• Test one other device and provide feedback to the design team so that they might make modifications.
  • Once you have your own test results, and feedback from another team, you will be required to make some modifications and re-test your device.
  • You will have a variety of materials to use.
  1. Write down your initial ideas about the materials that you want to use and explain why you are choosing these materials based on the ideas that you uncovered in the first part of this session.

Step 2: Building

Using the plan you decided upon with your group, build your 2 prototypes.

Step 3: Optimizing: Testing Protocol

In your design teams, brainstorm testing strategies to present to the class. We will engage in a class discussion that will generate our testing protocol.

  1. Record the protocol here:

Step 4: Optimizing: Testing and Comparing Solutions
Test your prototype. Make sure your results are reliable and reproducible.

  1. Record results and analysis of your testing.


  2. Describe any modifications you would make to your plate if you had any other necessary resources available.


    Repeat for a prototype from another team. Provide the other team with the data generated in testing, as well as any suggestions for improvement.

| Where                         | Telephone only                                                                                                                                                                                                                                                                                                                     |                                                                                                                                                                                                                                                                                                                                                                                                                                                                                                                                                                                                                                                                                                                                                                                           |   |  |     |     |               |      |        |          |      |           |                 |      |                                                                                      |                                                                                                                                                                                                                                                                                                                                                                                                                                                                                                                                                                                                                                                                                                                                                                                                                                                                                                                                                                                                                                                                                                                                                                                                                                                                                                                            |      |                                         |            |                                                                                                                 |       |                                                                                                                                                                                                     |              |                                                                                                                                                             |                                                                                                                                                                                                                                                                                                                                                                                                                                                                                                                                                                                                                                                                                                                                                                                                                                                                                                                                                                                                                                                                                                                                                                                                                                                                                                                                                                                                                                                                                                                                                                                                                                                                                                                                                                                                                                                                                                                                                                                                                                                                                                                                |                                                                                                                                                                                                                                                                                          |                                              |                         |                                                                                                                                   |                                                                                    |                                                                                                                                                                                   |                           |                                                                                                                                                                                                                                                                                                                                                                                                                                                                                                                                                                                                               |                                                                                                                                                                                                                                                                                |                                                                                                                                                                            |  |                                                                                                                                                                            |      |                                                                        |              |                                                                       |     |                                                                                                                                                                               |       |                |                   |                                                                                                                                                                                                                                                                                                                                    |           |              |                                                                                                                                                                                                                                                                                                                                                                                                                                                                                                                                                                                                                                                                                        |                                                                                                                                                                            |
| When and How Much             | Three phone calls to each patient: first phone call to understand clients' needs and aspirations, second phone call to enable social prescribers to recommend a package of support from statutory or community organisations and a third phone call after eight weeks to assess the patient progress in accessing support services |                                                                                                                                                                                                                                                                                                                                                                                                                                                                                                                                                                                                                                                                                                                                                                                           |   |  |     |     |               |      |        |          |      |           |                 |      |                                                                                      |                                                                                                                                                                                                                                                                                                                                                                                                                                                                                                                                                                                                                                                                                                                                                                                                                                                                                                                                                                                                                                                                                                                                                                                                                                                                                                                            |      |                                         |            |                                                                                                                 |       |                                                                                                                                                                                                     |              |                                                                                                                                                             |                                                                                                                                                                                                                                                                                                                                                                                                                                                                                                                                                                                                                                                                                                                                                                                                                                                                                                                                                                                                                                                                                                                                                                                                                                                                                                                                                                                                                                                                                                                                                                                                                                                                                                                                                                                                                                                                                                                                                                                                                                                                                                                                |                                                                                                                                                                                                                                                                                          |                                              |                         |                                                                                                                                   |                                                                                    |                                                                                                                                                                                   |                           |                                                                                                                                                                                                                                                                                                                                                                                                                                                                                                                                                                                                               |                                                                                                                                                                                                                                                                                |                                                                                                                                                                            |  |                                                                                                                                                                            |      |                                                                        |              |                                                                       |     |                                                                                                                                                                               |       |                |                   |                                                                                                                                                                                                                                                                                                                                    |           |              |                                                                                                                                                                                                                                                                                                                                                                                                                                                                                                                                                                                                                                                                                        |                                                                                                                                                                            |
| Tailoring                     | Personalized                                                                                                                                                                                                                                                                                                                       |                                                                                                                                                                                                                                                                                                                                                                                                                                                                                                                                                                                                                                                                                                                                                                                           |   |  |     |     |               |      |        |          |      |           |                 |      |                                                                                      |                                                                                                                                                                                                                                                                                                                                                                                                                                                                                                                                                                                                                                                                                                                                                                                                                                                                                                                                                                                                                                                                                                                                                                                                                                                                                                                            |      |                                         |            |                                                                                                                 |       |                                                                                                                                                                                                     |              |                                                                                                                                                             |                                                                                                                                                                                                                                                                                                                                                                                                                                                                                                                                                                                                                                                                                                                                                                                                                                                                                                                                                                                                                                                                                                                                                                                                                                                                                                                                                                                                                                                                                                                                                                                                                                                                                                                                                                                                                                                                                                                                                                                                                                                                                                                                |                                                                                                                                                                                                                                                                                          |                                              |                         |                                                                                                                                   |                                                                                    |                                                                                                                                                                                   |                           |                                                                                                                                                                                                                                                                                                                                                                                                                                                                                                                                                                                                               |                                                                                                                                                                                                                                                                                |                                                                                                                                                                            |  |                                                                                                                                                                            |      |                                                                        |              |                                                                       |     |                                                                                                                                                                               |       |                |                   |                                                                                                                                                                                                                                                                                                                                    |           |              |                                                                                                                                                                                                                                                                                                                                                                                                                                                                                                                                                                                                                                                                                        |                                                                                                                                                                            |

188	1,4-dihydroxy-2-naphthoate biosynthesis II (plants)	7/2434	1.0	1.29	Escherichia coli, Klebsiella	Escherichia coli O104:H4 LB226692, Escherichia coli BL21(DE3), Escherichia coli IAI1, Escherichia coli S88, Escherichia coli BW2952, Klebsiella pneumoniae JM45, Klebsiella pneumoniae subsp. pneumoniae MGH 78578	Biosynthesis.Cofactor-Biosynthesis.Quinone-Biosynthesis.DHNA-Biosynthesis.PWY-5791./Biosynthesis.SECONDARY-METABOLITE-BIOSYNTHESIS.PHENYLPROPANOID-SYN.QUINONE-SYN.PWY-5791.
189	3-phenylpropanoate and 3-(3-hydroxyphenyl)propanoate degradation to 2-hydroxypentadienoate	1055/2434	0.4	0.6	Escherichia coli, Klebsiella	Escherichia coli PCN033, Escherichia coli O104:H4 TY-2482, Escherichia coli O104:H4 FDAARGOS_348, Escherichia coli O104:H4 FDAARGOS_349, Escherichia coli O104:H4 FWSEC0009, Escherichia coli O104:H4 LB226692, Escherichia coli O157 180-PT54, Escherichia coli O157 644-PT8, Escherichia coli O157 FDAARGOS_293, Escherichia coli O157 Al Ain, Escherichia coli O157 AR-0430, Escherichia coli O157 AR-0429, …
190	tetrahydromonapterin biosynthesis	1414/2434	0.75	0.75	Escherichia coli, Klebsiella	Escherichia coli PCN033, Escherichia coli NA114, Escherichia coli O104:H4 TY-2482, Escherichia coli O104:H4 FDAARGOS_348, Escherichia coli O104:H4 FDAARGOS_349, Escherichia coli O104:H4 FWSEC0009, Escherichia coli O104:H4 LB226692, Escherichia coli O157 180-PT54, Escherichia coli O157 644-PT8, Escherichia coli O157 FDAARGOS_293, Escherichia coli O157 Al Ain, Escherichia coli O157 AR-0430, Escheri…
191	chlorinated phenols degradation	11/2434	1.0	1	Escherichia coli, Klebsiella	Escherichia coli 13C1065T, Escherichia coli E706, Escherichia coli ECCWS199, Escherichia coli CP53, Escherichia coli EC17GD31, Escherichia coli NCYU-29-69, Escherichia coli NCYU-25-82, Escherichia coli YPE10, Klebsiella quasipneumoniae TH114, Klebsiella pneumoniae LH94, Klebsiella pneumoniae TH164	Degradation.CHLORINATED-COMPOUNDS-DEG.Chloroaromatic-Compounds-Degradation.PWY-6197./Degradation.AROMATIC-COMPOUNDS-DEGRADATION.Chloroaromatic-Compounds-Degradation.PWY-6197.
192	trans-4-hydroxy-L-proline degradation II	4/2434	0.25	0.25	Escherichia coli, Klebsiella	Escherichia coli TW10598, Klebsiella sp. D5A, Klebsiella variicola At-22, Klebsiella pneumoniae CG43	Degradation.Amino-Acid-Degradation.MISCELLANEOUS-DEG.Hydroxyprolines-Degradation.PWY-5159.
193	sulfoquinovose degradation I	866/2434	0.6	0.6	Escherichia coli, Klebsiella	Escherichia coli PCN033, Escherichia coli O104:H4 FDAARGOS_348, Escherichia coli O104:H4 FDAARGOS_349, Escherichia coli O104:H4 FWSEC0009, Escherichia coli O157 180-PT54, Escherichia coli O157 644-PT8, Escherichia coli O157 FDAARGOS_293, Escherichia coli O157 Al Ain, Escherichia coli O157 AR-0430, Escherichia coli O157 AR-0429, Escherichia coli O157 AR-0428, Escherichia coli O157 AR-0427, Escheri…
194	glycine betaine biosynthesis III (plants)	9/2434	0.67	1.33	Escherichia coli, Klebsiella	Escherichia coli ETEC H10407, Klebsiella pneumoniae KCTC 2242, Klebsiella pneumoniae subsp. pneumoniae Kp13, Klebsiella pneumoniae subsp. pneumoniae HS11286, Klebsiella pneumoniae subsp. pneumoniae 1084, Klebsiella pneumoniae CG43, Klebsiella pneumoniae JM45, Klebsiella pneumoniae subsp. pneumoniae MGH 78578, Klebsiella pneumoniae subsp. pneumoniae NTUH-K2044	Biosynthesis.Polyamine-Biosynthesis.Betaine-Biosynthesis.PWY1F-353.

Step 5: Optimizing
Make modifications to your device, and re-test.

  1. Record your observations.


  2. Did the modifications help? Defend your answer.


  3. Do you think you could make more modifications if you had the time? If so, what would they be?

Analysis Questions

  1. Based on your experiment and your models, describe how thermal energy is transferred.


  2. Are there possible aspects of thermal energy transfer that your model did not account for?


  3. During the engineering process, did your ideas about thermal energy transfer change? Explain.

Assessment

  1. Think again about the Forgetful Chef warm up question. Which of the following materials would you suggest the chef use to defrost the chicken? Use your model, ideas from this activity and the data in the table below to support your response.

    Wooden Butcher Block
    Granite countertop
    Aluminum baking pan
    Glass bowl
    Plastic container with cold water
    Kitchen towel
Material

Thermal Conductivity (W/mK)

Specific Heat Capacity
(J/g 0C)
Density
(g/cm3 )
aluminum 237 0.90 2.70
Water 0.6 4.18 1.00
Wood, white oak 0.209 2.39 0.83
Glass, pyrex 1.13 0.73 2.22
Granite 2.51 0.75 2.65
Wool, Felt 0.07 1.38 1.31
Cotton 0.04 1.30 1.56